Monday, August 4, 2014

Sermon from August 3, 2014 Genesis 21:8-21

Rev. George Miller
Genesis 21:8-21
August 3, 2014

When I was called to Emmanuel, an image came to mind: that we were an oasis: an oasis in the middle of the road, in the middle of the city, in the middle of the state.

Emmanuel UCC: a spiritual, social, physical oasis; an oasis to look forward to, to find rest, to end one week and to prepare for another.

A place for folk to go where one can be refreshed and fed on numerous levels.

Four years later, I still feel the same way, but now with a deeper vision- an oasis in which our many hands work together to do our part to make the Kingdom of Heaven a bit more real.

An oasis in which the spiritually deaf can hear the voice of the Still Speaking God, the spiritually blind can see Living Water that is Jesus Christ and the spiritually hungry can be revived by the fruits of the Holy Spirit.

In essence, Emmanuel is to be a place where all journeyers can be cared for, ministered to, and experience a taste of just how good Christianity is when judgment is stripped away, compassion is shared and when the body of Christ is truly the hands of Christ.

No small order, yet our Shepherd’s Pantry fed 39 households and our Vacation Bible School enriched the lives of 26 children.

Today we are back again, each having had our own journeys filled with sadness and joy, bad plumbing and refreshing vacations, hopelessness and hope.

We are here in this oasis, some to find God, some to share God, so it is good that today we kick off our 2-month sermon series with the story of Hagar and the well of water.

If you’re familiar with FaceBook you know that there are a series of quizzes that are all the rage, quizzes that ask such burning questions as “What Gem Stone Would You Be?”, “How Floridian Are You?”, or “Which Golden Girl Are You?”

For the next two months we’ll ask “What Biblical Character or Story Are You”?

Since we’re all so complex, there will be no pat answer, but this will offer an opportunity to explore the scriptures in a fun way.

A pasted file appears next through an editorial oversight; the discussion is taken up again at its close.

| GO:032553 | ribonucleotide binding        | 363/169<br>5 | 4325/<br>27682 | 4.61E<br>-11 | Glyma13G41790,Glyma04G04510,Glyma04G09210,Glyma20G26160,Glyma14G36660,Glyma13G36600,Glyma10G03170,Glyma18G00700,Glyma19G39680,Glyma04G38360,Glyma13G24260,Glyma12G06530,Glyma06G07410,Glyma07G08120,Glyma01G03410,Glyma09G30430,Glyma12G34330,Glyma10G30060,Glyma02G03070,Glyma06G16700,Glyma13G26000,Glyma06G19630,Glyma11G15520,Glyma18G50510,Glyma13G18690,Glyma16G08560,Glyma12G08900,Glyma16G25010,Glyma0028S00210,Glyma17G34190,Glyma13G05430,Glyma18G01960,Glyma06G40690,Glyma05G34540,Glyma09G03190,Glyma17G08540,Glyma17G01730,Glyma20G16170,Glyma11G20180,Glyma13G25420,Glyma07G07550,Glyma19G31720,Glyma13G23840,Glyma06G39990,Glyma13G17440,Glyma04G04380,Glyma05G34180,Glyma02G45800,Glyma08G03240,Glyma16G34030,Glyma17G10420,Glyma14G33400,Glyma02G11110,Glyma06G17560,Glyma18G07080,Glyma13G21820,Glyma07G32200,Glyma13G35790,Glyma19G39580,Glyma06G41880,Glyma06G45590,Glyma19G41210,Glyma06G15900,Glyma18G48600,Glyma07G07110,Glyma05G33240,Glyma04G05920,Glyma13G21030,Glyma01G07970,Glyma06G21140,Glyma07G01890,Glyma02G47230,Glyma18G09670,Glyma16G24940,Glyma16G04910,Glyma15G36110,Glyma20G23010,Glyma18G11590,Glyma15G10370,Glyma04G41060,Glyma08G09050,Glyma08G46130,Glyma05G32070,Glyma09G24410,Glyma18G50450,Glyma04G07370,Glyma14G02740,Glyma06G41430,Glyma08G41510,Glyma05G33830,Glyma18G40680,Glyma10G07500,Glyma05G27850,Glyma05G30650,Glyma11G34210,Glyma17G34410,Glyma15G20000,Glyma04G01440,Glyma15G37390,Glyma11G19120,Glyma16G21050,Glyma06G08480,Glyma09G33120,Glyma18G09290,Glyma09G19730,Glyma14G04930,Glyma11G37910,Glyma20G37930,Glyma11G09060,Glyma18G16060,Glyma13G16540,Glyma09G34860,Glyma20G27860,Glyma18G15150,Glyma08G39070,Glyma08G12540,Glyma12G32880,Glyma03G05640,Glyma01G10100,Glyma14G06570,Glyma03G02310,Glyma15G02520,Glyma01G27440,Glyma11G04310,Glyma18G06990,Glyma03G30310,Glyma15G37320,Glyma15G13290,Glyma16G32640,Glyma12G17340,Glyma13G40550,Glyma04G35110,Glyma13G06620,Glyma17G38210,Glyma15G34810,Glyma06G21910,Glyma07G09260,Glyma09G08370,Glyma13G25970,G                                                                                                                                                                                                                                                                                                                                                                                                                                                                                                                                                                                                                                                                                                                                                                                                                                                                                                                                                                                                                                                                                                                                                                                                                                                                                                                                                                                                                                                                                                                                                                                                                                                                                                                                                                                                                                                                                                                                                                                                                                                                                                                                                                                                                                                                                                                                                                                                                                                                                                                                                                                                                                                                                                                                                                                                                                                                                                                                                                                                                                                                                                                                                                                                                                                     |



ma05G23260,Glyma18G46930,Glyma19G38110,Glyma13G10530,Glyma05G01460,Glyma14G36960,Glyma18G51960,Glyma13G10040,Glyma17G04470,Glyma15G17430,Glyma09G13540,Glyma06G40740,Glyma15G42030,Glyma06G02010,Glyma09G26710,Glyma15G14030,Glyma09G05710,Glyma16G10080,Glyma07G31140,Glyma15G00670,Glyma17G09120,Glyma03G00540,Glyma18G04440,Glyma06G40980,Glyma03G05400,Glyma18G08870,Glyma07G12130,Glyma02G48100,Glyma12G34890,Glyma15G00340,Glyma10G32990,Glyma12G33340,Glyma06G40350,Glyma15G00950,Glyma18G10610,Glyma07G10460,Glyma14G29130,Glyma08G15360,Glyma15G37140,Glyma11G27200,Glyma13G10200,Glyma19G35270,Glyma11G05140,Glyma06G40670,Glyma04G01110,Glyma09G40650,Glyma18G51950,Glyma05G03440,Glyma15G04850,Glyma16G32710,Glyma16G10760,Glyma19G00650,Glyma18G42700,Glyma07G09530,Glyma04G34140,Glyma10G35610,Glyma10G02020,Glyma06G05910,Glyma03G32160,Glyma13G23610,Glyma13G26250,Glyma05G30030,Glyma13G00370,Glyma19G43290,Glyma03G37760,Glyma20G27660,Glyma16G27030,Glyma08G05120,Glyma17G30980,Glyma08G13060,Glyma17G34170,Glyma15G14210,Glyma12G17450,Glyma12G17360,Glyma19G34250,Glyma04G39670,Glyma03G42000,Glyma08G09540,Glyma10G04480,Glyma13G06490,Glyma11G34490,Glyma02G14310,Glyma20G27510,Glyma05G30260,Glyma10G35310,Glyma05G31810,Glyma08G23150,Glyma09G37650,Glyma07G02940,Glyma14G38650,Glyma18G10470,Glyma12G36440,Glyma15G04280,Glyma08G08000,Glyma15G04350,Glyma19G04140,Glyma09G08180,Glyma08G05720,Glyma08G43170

Today we start with Genesis 21, but first we’ll need to cover 27 years of back-story in about 2 minutes.

Once upon a time, God, said to Abraham “Get up and GO! Leave behind everything you’ve ever known for I’ll give you land, many kin and your family will bless all the families of the world.”

Small problem: Abraham is 75, Sarah is about 69 and they have no children. But Abraham says “OK” and off he and Sarah go, traveling from place to place.

10 years pass. They go to Egypt, survive a famine, meet a pharaoh, rescue a relative and are blessed by a king. But no land, no baby.

Tired of waiting for God to act, Sarah takes matters into her own hand. She gives her slave girl, Hagar, to her husband in hopes that a child will be conceived. Which is just what happens.

Wouldn’t you know it: Sarah gets jealous, Hagar runs away, God convinces her to go back and Hagar gives birth to Ishmael.

But God says “Oh no, this wasn’t part of the plan. Abraham-you will have a son with Sarah.” So, they wander some more, Sodom and Gomorrah are destroyed, they meet another king and Ishmael becomes a teen.

And then, just a mere 27 years after God’s original promise, when Sarah is a youthful 94 and Abraham is a spry 100, they have their promised son, Isaac.

Three more years pass, and one day during a party Sarah notices that Hagar’s son Ishmael is playing with Isaac, and Sarah does not like it one bit.

She demands that Abraham send Hagar and Ishmael away, which he does, giving them nothing more than a canteen of water and a loaf of bread.

So much for loving justice and doing kindness.

So much for traditional family values. This intergenerational, interracial family is like a soap opera, laced with sex, jealousy and cat-fights.

Hagar and Ishmael are left to wander the wilderness until their supplies run out. Facing certain death, she places her son under a bush, and too overwrought to even look at him, she cries out to God, she weeps.

Just when it seems all hope is lost, just when it seems like she and her son will die…she hears the voice of the Still Speaking God who calls her by name. Who asks what is wrong. Who tells her “Do not be afraid.”